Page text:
The additional blood sample uses the same needle as the sample that is already being taken and therefore will result in minimal additional discomfort to the participants.

Where is the study run from?
The study is run from households across the UK.

When is study starting and how long is it expected to run for?
The study has two phases, each one lasting a year. Phase one starts in September 2013 and phase 2 (the pandemic phase) would only be initiated in the event of an influenza pandemic.
Who is funding the study?
The National Institute for Health Research (NIHR), UK.

Who is the main contact?
Dr Andrew Hayward
a.hayward@ucl.ac.uk

Trial website

Contact information

Type

Scientific

Primary contact

Dr Andrew Hayward

ORCID ID

Contact details

UCL Centre for Infectious Disease Epidemiology
Department of Infection and Population Health
Royal Free Campus
Rowland Hill Street
London
NW3 2PF
United Kingdom

Additional identifiers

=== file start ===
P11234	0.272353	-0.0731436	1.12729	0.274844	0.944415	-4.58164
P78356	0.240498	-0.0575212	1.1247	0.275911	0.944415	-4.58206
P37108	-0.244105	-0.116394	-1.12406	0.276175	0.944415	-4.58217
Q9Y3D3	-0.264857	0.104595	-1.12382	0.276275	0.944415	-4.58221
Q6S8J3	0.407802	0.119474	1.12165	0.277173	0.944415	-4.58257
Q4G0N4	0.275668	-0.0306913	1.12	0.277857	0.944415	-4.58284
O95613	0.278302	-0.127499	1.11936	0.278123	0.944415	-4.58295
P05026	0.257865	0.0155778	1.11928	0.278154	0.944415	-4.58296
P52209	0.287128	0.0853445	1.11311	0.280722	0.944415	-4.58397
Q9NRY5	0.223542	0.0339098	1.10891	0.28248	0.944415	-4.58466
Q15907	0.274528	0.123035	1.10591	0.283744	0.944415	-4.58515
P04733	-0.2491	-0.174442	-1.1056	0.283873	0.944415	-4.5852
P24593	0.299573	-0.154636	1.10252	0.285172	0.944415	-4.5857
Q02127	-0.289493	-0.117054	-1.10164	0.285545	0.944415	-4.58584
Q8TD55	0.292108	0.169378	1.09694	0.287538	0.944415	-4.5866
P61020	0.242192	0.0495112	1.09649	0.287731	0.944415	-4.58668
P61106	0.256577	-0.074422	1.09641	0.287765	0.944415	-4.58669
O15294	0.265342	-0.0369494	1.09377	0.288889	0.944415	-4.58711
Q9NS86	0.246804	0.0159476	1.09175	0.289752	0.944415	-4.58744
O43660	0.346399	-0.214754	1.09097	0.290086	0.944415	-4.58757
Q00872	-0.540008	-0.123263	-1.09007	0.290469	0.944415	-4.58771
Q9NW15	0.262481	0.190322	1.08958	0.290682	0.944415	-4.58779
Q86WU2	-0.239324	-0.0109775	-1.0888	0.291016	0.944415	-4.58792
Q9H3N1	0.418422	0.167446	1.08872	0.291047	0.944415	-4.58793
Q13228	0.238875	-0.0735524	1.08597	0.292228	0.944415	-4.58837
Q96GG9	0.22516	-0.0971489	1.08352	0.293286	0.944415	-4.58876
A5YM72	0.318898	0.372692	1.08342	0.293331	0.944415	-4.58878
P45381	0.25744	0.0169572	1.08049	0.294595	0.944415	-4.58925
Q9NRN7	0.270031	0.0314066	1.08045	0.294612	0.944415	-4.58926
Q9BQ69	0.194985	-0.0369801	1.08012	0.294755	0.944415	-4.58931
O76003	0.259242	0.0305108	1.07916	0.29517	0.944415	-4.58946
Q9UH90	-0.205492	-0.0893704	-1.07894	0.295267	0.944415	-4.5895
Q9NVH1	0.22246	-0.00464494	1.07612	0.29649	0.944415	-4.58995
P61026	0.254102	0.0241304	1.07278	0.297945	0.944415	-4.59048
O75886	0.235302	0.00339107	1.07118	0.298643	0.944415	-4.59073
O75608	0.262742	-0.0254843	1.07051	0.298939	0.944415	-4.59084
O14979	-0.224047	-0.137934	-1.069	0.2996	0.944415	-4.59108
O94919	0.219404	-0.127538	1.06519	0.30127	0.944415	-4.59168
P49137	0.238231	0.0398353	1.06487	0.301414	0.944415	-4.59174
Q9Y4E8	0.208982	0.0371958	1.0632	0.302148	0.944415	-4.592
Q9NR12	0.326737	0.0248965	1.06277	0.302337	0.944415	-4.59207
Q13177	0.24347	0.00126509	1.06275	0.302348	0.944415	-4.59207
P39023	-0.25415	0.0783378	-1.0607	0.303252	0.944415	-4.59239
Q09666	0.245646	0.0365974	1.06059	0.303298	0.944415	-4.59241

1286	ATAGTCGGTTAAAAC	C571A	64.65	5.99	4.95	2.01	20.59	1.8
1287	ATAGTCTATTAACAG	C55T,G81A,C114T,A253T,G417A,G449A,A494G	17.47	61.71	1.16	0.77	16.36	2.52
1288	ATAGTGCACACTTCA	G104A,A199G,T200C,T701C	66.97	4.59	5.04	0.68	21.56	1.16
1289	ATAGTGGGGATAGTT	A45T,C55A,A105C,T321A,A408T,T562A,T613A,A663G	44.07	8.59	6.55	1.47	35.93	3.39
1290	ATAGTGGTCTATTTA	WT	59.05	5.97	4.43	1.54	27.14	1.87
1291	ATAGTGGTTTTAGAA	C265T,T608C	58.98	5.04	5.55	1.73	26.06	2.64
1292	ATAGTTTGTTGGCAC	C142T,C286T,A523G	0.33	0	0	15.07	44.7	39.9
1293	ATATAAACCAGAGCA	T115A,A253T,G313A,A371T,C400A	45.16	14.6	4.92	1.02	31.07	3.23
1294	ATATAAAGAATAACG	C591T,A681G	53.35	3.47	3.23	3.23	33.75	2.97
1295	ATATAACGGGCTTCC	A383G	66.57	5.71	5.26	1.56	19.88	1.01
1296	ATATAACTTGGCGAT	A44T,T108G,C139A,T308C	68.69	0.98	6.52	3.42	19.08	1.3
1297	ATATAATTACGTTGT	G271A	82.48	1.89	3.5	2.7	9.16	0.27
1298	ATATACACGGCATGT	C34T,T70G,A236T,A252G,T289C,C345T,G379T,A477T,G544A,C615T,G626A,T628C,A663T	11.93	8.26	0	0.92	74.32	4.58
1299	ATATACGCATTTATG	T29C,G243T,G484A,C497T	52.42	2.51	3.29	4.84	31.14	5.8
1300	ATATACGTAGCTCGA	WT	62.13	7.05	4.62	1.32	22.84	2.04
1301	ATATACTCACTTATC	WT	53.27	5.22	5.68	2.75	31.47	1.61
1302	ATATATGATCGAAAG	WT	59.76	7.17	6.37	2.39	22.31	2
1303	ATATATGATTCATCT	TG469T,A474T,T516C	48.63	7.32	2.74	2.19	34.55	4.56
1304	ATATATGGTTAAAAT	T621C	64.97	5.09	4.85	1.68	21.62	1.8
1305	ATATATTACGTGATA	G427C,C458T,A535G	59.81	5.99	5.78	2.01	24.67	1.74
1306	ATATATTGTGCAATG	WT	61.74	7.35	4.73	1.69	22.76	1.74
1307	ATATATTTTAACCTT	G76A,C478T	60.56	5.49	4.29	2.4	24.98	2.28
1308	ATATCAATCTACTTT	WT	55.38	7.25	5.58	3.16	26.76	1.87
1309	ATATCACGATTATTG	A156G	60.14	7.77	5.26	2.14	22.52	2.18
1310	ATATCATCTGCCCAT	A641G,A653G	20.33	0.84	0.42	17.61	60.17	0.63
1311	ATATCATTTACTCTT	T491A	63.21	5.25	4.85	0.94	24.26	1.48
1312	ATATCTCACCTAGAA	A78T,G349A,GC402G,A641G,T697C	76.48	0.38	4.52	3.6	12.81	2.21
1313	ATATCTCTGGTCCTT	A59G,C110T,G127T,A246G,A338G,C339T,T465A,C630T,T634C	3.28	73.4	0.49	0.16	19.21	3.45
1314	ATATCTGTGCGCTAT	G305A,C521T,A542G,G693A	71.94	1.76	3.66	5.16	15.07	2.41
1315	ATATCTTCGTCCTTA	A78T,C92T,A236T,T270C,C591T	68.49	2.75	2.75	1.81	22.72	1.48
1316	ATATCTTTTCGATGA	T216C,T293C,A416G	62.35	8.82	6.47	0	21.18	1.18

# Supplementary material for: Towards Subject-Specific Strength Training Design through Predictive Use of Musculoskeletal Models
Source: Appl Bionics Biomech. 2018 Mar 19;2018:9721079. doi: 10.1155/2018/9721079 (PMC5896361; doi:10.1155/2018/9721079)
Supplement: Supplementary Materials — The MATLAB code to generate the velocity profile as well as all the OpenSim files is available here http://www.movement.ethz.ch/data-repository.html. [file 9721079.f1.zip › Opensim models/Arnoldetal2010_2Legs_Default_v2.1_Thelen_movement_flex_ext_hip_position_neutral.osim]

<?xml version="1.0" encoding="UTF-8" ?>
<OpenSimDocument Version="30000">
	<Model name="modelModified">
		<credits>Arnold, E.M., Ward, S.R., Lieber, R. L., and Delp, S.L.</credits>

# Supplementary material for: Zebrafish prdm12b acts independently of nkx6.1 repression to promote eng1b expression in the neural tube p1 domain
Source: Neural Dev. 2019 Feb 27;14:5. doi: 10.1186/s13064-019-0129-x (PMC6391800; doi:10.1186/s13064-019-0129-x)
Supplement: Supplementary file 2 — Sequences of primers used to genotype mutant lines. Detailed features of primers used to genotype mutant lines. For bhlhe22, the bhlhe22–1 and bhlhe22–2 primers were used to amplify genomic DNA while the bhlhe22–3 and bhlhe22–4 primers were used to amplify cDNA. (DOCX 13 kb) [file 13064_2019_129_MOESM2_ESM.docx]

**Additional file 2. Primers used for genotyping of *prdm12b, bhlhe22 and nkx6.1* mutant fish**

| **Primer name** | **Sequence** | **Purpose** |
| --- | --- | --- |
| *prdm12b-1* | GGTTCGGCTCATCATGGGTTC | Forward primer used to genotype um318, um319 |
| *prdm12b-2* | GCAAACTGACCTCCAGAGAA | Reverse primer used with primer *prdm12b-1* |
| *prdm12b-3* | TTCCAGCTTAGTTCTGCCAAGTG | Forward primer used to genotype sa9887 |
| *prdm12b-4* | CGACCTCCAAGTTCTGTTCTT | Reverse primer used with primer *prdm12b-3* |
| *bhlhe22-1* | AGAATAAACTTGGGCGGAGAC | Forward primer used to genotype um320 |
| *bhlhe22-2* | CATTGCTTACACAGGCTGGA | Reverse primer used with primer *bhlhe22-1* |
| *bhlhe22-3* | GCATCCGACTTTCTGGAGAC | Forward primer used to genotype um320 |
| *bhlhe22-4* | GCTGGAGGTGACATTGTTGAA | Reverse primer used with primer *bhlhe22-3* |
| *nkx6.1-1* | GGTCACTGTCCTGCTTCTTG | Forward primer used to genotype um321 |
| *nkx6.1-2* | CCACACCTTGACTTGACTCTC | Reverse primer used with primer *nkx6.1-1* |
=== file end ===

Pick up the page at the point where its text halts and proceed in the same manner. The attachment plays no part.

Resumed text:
EudraCT number

ClinicalTrials.gov number

Protocol/serial number

NETSCC ID: 11/46/09

Study information

Scientific title

Pandemic Influenza: Population susceptibility, severity and spread: a cross-sectional survey

Acronym

Study hypothesis

The study aims to draw on our experience of large-scale community influenza studies, community surveys, surveillance and serological assays to establish an efficient system allowing real-time assessment of population susceptibility, spread of infection and clinical attack rates.

Objectives:
1. To develop the HSE as a tool for rapid population-based surveys of influenza infection and influenza-like illness rates.
2. To provide monthly measures of numbers of cases infected and weekly updates on numbers of influenza-like illnesses during the first two waves of a pandemic to act as denominators for national estimates of case fatality and hospitalisation rates.
3. To assess spread of the novel influenza strain geographically, by age, and through time.

Ethics approval

Oxford A Research Ethics Committee (REC), 10/H0604/56

Study design

Serial cross-sectional serological prevalence surveys with retrospective ascertainment of vaccination and respiratory illness history in conjunction with the National Health Survey for England (HSE).

Primary study design

Observational

Secondary study design

Cross-section survey

Trial setting

Other

Trial type

Screening